_valid: "In addition to checking DB and filesystem, read
the whole pristine file and checksum it."
Thinking about it now, we can lose _valid. That can be done by checking
_usable and pumping the stream provided by pristine_read(). Or *only* a
pristine_read() and stream pump, even.
We were also ambiguous about _known. Some argue that it's too special, while
it makes sense to me (in case of many checks done for heuristics) and Greg
says he remembers to have known such a use case to exist, heh.
But I now think we should drop the enum svn_wc__db_checkmode_t entirely.
Let's provide the _usable check as a single function in 1.7. If we find the
need, we can add a faster check in a later release, or we can even make this
single check function faster by never checking mtime and len (except when
Having gone that far, one could argue that we need no _check function at
all, we can just have pristine_read(). If it returns a stream, it indicates
existence and usability, just close it and be merry. Since _usable will
anyway cause disk I/O when we decide to check mtime and size via fstat, the
argument that we want a check function that causes no disk I/O is half-hearted.
On the other hand, if we were only having a _read() API function, we would
want to have a convenience function that closes the stream for those callers
that just want _usable. In this case, the convenience function would provide
practically the same API as providing a separate _check() function in the
first place, just slightly less optimal (causing file preread instead of
just fstat traffic). It would also blur the option of easily making all the
check() use cases faster by a central handle. Some more pseudocode to
No check() function:
if (static_check_mtime_and_len() == match):
*stream = <open checksumming stream>
*exists = (stream != NULL)
<close stream> <-- no need to have opened it
With check() function in the API:
/* same as above */
*exists = (static_check_mtime_and_len() == match)
I still favor the explicit check() function included in the API and keep
with my above suggestion for 1.7. We can provide a second, faster check
function later or even make the single check function faster.
>> The one thing left now is:
>>> Can someone explain a motivation for even creating a database row before
>>> the pristine file is moved into place in the pristine store? I currently
>>> don't see why it can't be way simpler.
> I would just write it down the way you think it should be in the main
> flow of your document, and mention outstanding questions like this in
> "Simultaneous or multi-threaded clients" would be my first reaction to
> that particular question.
You guys already agreed on what I think in the other two posts, i.e. that we
just let people write concurrently. With pristine_install(), there isn't
anything that can go wrong concerning concurrency -- assuming a 'mv' is
atomic that's obvious, but even if not, the concurrent processes should
anyway write the same values to the same file offsets. (not given when we
have compressed pristines! see below)
Q: Is there any deadlock / error with concurrent OS 'mv's to the same
location? I am assuming not, but am not 100% sure. If there turns out to be
one, we can still create a lock-file write lock thang (which could also
serve to prevent two separate processes from downloading the same pristine
twice, if we choose to cover that).
However, I am now also thinking about database consistency. If one
concurrent process wins the database race, while another wins the file
system race, there may be a mismatching mtime in the database (questionable
if the mtime resolution is no less than a whole eternal second, but it still
remains possible; also, mtime currently does not exist in the schema but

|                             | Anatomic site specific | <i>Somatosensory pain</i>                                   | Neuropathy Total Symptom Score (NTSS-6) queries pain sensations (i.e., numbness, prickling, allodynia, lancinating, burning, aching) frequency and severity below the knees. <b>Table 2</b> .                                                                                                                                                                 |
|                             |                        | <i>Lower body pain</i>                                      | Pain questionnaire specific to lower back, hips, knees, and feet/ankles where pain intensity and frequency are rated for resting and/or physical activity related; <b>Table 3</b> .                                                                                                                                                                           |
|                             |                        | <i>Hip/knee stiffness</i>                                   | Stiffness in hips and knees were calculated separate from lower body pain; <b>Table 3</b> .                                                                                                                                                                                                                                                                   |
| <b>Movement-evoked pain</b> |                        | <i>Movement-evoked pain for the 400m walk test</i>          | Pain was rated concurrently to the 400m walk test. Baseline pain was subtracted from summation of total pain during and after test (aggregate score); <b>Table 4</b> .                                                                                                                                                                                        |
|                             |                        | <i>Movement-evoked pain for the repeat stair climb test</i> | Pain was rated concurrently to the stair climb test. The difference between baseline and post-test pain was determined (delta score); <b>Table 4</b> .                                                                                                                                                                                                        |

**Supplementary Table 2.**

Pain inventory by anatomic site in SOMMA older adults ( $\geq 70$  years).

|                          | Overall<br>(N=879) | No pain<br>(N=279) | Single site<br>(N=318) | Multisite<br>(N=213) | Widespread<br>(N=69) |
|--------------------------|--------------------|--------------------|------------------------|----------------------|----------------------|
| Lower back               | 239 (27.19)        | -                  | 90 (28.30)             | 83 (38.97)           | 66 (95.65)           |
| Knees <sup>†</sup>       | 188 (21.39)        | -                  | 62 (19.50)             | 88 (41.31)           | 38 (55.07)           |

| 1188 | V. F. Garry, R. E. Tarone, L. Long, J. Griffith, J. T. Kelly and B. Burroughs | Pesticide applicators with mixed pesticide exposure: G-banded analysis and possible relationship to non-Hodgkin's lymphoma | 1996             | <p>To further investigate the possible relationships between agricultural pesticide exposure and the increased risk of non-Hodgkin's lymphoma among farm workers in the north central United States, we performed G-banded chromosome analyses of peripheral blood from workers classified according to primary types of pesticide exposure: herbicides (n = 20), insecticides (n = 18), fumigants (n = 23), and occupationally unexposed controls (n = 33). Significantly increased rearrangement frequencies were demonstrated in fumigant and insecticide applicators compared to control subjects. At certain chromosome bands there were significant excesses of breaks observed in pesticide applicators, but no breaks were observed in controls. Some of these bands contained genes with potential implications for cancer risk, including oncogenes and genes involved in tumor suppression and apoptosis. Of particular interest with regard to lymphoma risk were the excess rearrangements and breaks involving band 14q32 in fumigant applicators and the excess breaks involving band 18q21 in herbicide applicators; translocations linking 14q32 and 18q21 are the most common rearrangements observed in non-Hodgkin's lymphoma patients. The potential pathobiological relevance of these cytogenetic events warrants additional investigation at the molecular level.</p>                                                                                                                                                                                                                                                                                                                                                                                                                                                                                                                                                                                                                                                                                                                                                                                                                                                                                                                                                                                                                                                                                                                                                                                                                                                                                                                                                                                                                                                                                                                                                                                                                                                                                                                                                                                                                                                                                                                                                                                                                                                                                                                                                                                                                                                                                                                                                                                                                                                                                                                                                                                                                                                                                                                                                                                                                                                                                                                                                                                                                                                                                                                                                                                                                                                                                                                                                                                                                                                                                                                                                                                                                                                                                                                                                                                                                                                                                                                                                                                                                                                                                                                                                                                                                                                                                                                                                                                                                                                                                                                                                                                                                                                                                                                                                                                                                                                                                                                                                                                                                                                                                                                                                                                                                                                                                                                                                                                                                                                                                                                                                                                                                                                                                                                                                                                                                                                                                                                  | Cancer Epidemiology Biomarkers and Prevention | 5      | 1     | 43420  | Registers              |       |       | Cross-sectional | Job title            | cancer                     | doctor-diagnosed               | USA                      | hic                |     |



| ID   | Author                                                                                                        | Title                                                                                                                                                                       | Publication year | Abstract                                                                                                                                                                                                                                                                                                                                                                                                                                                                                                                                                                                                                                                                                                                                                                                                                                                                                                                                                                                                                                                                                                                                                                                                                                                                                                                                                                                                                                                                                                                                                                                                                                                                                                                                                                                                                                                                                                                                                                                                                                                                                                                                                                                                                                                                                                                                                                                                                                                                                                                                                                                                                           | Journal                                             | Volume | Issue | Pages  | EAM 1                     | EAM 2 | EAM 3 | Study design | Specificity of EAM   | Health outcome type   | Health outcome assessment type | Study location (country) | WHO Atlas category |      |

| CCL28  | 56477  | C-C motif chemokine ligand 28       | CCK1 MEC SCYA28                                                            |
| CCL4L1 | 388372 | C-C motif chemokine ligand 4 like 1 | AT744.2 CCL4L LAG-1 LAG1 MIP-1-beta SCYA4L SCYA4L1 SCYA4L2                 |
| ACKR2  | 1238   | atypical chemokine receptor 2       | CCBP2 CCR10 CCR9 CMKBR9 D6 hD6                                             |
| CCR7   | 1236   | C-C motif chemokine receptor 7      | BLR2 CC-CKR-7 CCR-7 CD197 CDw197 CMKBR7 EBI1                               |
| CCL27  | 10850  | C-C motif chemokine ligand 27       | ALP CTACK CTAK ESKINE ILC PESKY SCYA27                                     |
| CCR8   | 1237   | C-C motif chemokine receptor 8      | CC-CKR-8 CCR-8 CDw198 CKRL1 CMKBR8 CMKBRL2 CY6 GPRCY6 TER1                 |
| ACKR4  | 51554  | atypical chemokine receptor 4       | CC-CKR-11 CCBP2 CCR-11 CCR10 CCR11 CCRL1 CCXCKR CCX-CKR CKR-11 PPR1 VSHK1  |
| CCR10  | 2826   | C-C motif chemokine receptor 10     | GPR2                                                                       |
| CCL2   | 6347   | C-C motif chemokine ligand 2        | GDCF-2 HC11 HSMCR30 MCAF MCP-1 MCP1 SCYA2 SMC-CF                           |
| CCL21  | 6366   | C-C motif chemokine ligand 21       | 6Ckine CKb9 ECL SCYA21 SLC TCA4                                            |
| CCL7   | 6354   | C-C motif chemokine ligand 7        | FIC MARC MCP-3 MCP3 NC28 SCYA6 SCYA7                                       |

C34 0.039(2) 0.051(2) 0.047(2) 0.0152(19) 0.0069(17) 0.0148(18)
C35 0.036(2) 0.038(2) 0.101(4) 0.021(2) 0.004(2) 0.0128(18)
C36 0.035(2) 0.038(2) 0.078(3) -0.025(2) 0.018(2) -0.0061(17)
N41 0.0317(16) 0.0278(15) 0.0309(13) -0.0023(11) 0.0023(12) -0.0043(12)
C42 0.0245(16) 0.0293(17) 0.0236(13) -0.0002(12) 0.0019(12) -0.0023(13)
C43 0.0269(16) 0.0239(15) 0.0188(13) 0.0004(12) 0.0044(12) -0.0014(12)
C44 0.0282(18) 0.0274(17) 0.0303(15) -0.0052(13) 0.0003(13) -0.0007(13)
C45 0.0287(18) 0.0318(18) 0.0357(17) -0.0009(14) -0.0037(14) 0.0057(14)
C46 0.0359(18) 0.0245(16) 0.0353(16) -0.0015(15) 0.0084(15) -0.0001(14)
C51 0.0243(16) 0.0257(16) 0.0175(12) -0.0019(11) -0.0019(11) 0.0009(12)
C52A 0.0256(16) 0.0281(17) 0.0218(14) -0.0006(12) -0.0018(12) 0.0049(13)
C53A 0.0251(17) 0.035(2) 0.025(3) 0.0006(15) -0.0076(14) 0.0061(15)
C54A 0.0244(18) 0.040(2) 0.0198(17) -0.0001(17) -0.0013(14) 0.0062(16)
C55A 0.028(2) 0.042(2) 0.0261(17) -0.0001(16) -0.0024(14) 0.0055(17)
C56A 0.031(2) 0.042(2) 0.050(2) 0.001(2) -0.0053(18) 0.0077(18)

possibly should). Would this problem go away if we mv the pristine file into
place while the DB transaction is open? Would SQLite mutex the two processes
apart for free? (talking just about the final 'mv' during _install())
The same problem as with mtime is more aggravating with compression. If one
process decides to compress the pristine while the other decides to write it
out plainly, we have a concurrency problem in *both* DB and on disk. We
could avoid this by having absolute per-pristine-store rules in place about
when a pristine is compressed, e.g. compress all those being larger than a
certain size. Alternatively, we could append a .gz/.bz2/.zip suffix to the
checksum filename for compressed files, doing away with concurrency problems
in the file system. It would then not matter which process wins the DB race,
but the pristine would exist twice (once compressed, once uncompressed).
We have not put any thought in implementing compression yet. I think we
should drop compression from 1.7, and plan to provide an opaque compression
mechanism behind pristine_install() based on absolute rules.
Or maybe not, because disk space is too cheap to bother and no-one has
called for a compressed pristine store because we already put some kind of
high-water mark in place. Who knows.
(I don't like pristine compression. If we're optimizing for disk space, why
store it in the first place. It makes a lot of things way more complex.)
Either way, it would be nice to not have a "locked" state in the pristine
database. E.g. if we allow the database row to be able to say "I'm busy
writing this file", then we need to decide what the other process should do
in that case. Wait indefinitely? I'd prefer not to have that, but rather
have the option for lock-file based optimization to prevent the same content
from being downloaded twice at the same time, emphasis on *option*. Lock
files are cleaned up when a process dies. Not so the DB row.
<Reminding myself that the need for MD5 sums forces us to have some storage
over and above the pristine itself. Still dreaming of a DB-less pristine
echo "content" > SHA1SUMSHA1SUMSHA1SUM
ln -s MD5SUMMD5SUM SHA1SUMSHA1SUMSHA1SUM.md5
but that's probably nonsense. Having a DB is also better for implementing
As you can see, reading this thread again now, a little while later, has
brought some more things to the surface. I shall cast a newer version of the
pristine API design doc I started, but my time for today is *so* over :)
*neels feels the early morning breath of a two-year-old down his sleepy neck
Received on 2010-03-03 01:51:18 CET